Wednesday, August 11, 2010

Rachel and Jenn Eat Philadelphia: Abyssinia

**** So I've been informed that "foul" (pronounced fool) is actually an Ethiopian dish.  I feel culturally insensitive.  But oh well. ****

This is the first installment of "Rachel and Jenn Eat Philadelphia."  In reality, this was a restaurant I went to with Eamonn, but that's ok.

See? Totally fine.
Abyssinia is an Ethiopian restaurant two steps from our place.  (I was going to include a map here, but just in case someone I don't know is reading this (unlikely), it's probably not a good idea to show my exact location.)  I had never had Ethiopian food before, but "what the heck?" said I.  Upon arriving, there was a sign on what looked like the front door instructing us to go to the side door to enter.  A surly looking man (obviously not Ethiopian) was smoking on the steps.  He assured us we were heading in the right direction which was not as reassuring as one might believe.  Anyway, it was totally fine inside.  It had cool tables with woven tops and nice paintings on the walls.  They (the proprietors, that is) did a lot with a space that definitely was not meant for a restaurant dining room.

We were seated and given menus.  Now one of my favorite things is misspellings on menus, street signs, billboards, or any public venue.  Generally I see them in foreign businesses.




**Disclaimer!** I'm in no way suggesting that immigrants/foreigners misspell things because they are not intelligent.  Obviously, if they can come into a country where they are not so familiar with the language and create a thriving business, then they are smarter and savvier than me.  It's just that sometimes misspellings can sometimes be very unfortunate and hilarious.  **End of disclaimer!**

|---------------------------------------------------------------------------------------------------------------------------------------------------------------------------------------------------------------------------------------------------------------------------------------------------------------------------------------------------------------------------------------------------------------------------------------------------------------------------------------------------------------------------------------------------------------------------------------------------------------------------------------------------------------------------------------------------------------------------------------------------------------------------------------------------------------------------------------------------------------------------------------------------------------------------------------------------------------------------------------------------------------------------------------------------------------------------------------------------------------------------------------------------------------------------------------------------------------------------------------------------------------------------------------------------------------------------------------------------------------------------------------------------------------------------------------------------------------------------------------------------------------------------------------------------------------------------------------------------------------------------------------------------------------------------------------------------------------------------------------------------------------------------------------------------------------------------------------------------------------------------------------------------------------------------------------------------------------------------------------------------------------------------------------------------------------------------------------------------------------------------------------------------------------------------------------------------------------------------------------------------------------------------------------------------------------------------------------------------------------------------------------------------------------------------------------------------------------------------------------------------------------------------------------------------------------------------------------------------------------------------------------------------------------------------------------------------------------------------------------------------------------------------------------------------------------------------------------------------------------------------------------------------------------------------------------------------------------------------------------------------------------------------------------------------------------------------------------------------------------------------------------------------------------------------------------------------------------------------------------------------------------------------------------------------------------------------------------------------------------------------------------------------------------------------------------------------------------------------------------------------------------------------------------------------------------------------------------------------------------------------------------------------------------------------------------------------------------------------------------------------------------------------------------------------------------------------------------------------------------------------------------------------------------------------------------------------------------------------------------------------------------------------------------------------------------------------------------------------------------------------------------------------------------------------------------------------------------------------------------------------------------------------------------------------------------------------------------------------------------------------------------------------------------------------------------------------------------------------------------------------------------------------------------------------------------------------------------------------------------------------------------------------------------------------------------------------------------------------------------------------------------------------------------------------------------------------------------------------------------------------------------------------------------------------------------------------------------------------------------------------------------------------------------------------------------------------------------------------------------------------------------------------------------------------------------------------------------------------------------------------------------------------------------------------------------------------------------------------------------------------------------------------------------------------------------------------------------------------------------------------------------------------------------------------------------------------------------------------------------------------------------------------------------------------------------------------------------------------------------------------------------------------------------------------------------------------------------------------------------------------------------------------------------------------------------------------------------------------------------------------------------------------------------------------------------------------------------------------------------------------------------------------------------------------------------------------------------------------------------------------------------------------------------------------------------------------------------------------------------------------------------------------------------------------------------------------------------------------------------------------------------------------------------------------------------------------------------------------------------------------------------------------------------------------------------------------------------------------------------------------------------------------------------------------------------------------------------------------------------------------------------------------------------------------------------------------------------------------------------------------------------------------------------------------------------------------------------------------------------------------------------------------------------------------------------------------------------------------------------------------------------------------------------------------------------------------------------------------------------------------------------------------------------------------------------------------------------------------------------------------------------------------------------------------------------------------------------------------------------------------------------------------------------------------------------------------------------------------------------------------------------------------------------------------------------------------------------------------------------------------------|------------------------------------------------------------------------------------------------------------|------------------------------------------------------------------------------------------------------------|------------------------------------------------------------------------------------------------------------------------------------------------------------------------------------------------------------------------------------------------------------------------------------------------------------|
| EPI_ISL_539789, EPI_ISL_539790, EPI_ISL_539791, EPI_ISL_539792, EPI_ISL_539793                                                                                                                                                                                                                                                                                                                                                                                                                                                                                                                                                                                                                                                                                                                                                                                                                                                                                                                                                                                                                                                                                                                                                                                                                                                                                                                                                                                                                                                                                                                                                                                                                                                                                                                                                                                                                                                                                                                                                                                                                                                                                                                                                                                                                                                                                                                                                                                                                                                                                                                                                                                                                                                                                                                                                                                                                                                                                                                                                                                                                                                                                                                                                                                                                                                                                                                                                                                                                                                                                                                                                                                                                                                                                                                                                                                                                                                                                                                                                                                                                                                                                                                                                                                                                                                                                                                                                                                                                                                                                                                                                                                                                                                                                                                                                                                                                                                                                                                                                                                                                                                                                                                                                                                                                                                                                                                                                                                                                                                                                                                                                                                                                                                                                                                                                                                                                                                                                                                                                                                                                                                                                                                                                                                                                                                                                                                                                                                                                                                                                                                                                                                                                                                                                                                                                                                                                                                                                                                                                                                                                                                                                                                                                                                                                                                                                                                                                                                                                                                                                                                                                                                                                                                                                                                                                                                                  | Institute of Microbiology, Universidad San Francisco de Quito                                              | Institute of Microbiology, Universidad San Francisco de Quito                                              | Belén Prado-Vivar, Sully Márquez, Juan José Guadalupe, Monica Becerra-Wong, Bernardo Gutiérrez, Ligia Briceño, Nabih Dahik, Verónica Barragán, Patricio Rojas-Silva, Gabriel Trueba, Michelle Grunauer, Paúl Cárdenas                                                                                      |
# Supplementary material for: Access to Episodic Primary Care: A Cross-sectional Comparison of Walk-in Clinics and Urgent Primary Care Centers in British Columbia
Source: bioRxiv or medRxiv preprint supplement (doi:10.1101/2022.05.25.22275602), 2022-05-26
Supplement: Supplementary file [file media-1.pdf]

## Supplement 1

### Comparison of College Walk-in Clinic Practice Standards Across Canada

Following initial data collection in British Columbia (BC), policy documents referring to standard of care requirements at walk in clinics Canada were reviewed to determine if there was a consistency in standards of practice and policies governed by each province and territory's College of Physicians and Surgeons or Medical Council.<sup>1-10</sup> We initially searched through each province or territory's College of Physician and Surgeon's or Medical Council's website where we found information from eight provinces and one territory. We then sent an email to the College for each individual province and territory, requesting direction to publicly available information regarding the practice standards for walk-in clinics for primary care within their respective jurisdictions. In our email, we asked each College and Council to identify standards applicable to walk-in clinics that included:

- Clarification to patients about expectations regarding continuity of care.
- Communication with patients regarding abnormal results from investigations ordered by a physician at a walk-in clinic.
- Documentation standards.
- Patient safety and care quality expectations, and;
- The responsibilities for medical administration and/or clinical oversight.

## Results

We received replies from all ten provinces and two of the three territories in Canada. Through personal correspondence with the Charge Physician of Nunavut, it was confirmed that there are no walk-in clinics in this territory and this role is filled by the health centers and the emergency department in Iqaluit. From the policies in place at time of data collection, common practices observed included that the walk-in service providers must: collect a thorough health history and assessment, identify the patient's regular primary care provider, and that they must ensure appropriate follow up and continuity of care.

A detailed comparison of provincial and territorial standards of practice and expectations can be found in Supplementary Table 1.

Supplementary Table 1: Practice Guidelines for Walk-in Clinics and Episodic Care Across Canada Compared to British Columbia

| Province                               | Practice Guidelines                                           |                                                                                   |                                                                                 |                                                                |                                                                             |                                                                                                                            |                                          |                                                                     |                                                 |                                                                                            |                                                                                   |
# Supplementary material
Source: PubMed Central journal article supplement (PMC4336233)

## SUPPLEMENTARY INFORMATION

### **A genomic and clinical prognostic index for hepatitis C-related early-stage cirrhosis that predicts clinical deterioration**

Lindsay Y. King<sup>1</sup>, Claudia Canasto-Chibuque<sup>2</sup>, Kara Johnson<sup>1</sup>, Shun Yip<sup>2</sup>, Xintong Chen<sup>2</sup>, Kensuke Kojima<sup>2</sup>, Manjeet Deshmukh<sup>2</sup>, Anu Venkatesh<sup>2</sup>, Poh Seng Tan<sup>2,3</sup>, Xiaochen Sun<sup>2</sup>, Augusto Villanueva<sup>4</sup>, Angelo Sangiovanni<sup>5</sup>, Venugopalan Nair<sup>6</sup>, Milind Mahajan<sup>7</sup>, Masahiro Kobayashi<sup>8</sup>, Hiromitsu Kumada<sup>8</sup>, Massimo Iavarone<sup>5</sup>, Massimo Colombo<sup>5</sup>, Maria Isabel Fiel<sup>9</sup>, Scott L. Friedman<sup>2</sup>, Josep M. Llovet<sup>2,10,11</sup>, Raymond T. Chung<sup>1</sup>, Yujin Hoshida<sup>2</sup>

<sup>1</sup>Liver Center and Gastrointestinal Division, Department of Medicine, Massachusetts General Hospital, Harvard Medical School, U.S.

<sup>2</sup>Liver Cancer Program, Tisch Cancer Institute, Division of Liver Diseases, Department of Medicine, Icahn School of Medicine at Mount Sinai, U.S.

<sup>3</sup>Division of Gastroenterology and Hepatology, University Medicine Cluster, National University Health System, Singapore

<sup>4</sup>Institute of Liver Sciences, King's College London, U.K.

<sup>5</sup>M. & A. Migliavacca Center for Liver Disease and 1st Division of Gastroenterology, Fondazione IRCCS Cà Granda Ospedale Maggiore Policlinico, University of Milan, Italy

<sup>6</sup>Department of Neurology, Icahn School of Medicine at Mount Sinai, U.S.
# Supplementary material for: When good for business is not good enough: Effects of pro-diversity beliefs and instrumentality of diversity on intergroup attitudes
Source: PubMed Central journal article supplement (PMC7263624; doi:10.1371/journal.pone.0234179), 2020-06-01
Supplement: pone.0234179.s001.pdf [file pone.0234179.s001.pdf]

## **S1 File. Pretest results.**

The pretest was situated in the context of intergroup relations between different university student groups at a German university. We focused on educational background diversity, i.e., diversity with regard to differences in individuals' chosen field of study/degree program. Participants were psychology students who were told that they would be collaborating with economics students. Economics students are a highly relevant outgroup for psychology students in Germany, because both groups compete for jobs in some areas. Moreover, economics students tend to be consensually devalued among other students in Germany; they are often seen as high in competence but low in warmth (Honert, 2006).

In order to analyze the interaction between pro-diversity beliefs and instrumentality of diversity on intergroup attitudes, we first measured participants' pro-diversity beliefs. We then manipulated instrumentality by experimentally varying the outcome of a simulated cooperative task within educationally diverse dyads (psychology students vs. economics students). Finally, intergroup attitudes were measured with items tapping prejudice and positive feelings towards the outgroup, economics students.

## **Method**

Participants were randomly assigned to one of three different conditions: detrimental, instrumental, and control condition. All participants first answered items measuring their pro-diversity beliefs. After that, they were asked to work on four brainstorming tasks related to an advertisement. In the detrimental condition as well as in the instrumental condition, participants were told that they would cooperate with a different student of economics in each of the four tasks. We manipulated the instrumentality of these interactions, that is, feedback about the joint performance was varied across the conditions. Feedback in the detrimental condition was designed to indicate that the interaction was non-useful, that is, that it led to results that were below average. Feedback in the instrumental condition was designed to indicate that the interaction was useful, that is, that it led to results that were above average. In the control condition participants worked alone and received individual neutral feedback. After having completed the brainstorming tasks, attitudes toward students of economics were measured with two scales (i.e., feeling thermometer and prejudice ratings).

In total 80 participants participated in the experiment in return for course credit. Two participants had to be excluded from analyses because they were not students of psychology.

So the first misspelling was of jalapeƱo as hallapino. Understandable.

Can you see that?  I know it's tiny.
The second one, however was simply unfortunate.  It was not even a misspelling, but a word swap.  In describing their chicken dish, they swapped "fowl" with "foul."  So there it was.  A photo of their food (which looked pretty good) had the caption, "foul." I had to get a picture.
What a pity.
Distracted by the menu (or by my bossy photo shoot directions), Eamonn somehow ordered raw meat! On the plate, it looked like something in a tomato sauce and did not taste that bad.  Then we realized what it was.  It's funny how once something changes mentally, the whole taste changes.  We took a bite or two, then just couldn't bring ourselves to eat more.  I was proud of myself though!  Public meat enthusiast that I am, I thought it would be hypocritical to avoid it.  Though I'm not going to make raw meat a part of my regular diet, I'm glad I tried it.

One fun thing about Ethiopian is that you are supposed to eat with your hands.  The food is served on a spongy pancake bread which you use to pick up the food and eat it.  I did that for a while, to pick up the lentils and veggies, but inevitably, I fell back into my fork habits.
What can I say? I'm a fork person!
Misspellings and raw meat aside, the food was plentiful, spicy, and pretty good!